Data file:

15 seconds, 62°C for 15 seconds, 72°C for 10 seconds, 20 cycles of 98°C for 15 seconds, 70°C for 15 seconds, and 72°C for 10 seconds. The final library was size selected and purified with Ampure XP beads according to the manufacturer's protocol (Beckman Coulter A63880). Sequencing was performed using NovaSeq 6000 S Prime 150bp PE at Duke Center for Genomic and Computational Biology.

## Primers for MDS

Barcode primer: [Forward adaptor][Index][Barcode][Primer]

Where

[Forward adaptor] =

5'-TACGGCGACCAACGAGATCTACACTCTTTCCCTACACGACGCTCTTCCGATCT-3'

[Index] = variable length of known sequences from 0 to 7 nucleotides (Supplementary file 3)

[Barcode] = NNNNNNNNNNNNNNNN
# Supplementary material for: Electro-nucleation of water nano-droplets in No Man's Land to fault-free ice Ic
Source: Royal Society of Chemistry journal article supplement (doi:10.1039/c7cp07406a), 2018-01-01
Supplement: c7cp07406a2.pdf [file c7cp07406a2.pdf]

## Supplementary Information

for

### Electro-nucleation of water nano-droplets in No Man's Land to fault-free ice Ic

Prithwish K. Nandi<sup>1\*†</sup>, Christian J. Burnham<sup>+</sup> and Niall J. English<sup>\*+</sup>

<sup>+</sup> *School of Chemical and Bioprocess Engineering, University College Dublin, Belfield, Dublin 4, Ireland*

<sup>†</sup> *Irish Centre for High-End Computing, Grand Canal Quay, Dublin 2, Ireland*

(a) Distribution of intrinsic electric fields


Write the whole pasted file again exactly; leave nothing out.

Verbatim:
15 seconds, 62°C for 15 seconds, 72°C for 10 seconds, 20 cycles of 98°C for 15 seconds, 70°C for 15 seconds, and 72°C for 10 seconds. The final library was size selected and purified with Ampure XP beads according to the manufacturer's protocol (Beckman Coulter A63880). Sequencing was performed using NovaSeq 6000 S Prime 150bp PE at Duke Center for Genomic and Computational Biology.

## Primers for MDS

Barcode primer: [Forward adaptor][Index][Barcode][Primer]

Where

[Forward adaptor] =

5'-TACGGCGACCAACGAGATCTACACTCTTTCCCTACACGACGCTCTTCCGATCT-3'

[Index] = variable length of known sequences from 0 to 7 nucleotides (Supplementary file 3)

[Barcode] = NNNNNNNNNNNNNNNN
# Supplementary material for: Electro-nucleation of water nano-droplets in No Man's Land to fault-free ice Ic
Source: Royal Society of Chemistry journal article supplement (doi:10.1039/c7cp07406a), 2018-01-01
Supplement: c7cp07406a2.pdf [file c7cp07406a2.pdf]

## Supplementary Information

for

### Electro-nucleation of water nano-droplets in No Man's Land to fault-free ice Ic

Prithwish K. Nandi<sup>1\*†</sup>, Christian J. Burnham<sup>+</sup> and Niall J. English<sup>\*+</sup>

<sup>+</sup> *School of Chemical and Bioprocess Engineering, University College Dublin, Belfield, Dublin 4, Ireland*

<sup>†</sup> *Irish Centre for High-End Computing, Grand Canal Quay, Dublin 2, Ireland*

(a) Distribution of intrinsic electric fields